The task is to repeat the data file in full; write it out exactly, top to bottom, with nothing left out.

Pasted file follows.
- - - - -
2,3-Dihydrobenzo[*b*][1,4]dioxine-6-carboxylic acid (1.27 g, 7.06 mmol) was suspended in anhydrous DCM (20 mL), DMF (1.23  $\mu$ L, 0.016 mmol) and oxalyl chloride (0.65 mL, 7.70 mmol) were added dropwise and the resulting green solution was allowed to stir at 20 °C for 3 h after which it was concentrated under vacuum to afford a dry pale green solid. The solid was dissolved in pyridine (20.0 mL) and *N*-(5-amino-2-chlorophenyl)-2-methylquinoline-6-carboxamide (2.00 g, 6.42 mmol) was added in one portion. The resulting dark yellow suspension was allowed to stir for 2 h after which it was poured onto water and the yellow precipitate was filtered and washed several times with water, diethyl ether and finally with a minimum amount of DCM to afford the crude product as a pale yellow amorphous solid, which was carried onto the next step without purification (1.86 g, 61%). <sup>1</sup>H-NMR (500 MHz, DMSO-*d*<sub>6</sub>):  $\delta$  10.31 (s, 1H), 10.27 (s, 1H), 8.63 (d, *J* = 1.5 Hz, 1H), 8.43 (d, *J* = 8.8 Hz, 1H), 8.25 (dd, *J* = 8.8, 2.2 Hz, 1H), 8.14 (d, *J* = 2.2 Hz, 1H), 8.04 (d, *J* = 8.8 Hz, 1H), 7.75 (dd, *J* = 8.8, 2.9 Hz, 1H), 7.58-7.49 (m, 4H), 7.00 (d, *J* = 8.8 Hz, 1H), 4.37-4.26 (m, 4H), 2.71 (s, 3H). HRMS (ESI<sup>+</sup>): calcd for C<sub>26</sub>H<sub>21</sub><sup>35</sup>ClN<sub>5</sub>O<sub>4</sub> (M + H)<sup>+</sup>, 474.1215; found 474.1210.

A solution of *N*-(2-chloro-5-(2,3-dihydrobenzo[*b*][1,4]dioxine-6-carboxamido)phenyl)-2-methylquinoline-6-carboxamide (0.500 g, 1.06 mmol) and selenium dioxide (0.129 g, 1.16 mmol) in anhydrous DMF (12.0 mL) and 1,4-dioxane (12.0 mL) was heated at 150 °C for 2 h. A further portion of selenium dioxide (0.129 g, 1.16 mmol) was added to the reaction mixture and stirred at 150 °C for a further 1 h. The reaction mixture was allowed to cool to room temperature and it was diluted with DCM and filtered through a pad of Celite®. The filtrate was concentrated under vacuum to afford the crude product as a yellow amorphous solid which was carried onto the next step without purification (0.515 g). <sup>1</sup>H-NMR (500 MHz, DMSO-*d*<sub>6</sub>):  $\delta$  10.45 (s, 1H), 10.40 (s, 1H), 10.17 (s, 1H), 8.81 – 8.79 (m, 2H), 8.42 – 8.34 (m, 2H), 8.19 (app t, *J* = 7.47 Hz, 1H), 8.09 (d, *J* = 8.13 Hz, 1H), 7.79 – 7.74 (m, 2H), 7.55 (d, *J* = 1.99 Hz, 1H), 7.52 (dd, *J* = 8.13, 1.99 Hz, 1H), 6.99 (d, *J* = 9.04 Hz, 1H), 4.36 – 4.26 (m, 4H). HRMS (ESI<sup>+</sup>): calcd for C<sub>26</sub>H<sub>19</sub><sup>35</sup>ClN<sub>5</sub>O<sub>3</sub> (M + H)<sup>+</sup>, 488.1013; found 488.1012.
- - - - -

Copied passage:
2,3-Dihydrobenzo[*b*][1,4]dioxine-6-carboxylic acid (1.27 g, 7.06 mmol) was suspended in anhydrous DCM (20 mL), DMF (1.23  $\mu$ L, 0.016 mmol) and oxalyl chloride (0.65 mL, 7.70 mmol) were added dropwise and the resulting green solution was allowed to stir at 20 °C for 3 h after which it was concentrated under vacuum to afford a dry pale green solid. The solid was dissolved in pyridine (20.0 mL) and *N*-(5-amino-2-chlorophenyl)-2-methylquinoline-6-carboxamide (2.00 g, 6.42 mmol) was added in one portion. The resulting dark yellow suspension was allowed to stir for 2 h after which it was poured onto water and the yellow precipitate was filtered and washed several times with water, diethyl ether and finally with a minimum amount of DCM to afford the crude product as a pale yellow amorphous solid, which was carried onto the next step without purification (1.86 g, 61%). <sup>1</sup>H-NMR (500 MHz, DMSO-*d*<sub>6</sub>):  $\delta$  10.31 (s, 1H), 10.27 (s, 1H), 8.63 (d, *J* = 1.5 Hz, 1H), 8.43 (d, *J* = 8.8 Hz, 1H), 8.25 (dd, *J* = 8.8, 2.2 Hz, 1H), 8.14 (d, *J* = 2.2 Hz, 1H), 8.04 (d, *J* = 8.8 Hz, 1H), 7.75 (dd, *J* = 8.8, 2.9 Hz, 1H), 7.58-7.49 (m, 4H), 7.00 (d, *J* = 8.8 Hz, 1H), 4.37-4.26 (m, 4H), 2.71 (s, 3H). HRMS (ESI<sup>+</sup>): calcd for C<sub>26</sub>H<sub>21</sub><sup>35</sup>ClN<sub>5</sub>O<sub>4</sub> (M + H)<sup>+</sup>, 474.1215; found 474.1210.

A solution of *N*-(2-chloro-5-(2,3-dihydrobenzo[*b*][1,4]dioxine-6-carboxamido)phenyl)-2-methylquinoline-6-carboxamide (0.500 g, 1.06 mmol) and selenium dioxide (0.129 g, 1.16 mmol) in anhydrous DMF (12.0 mL) and 1,4-dioxane (12.0 mL) was heated at 150 °C for 2 h. A further portion of selenium dioxide (0.129 g, 1.16 mmol) was added to the reaction mixture and stirred at 150 °C for a further 1 h. The reaction mixture was allowed to cool to room temperature and it was diluted with DCM and filtered through a pad of Celite®. The filtrate was concentrated under vacuum to afford the crude product as a yellow amorphous solid which was carried onto the next step without purification (0.515 g). <sup>1</sup>H-NMR (500 MHz, DMSO-*d*<sub>6</sub>):  $\delta$  10.45 (s, 1H), 10.40 (s, 1H), 10.17 (s, 1H), 8.81 – 8.79 (m, 2H), 8.42 – 8.34 (m, 2H), 8.19 (app t, *J* = 7.47 Hz, 1H), 8.09 (d, *J* = 8.13 Hz, 1H), 7.79 – 7.74 (m, 2H), 7.55 (d, *J* = 1.99 Hz, 1H), 7.52 (dd, *J* = 8.13, 1.99 Hz, 1H), 6.99 (d, *J* = 9.04 Hz, 1H), 4.36 – 4.26 (m, 4H). HRMS (ESI<sup>+</sup>): calcd for C<sub>26</sub>H<sub>19</sub><sup>35</sup>ClN<sub>5</sub>O<sub>3</sub> (M + H)<sup>+</sup>, 488.1013; found 488.1012.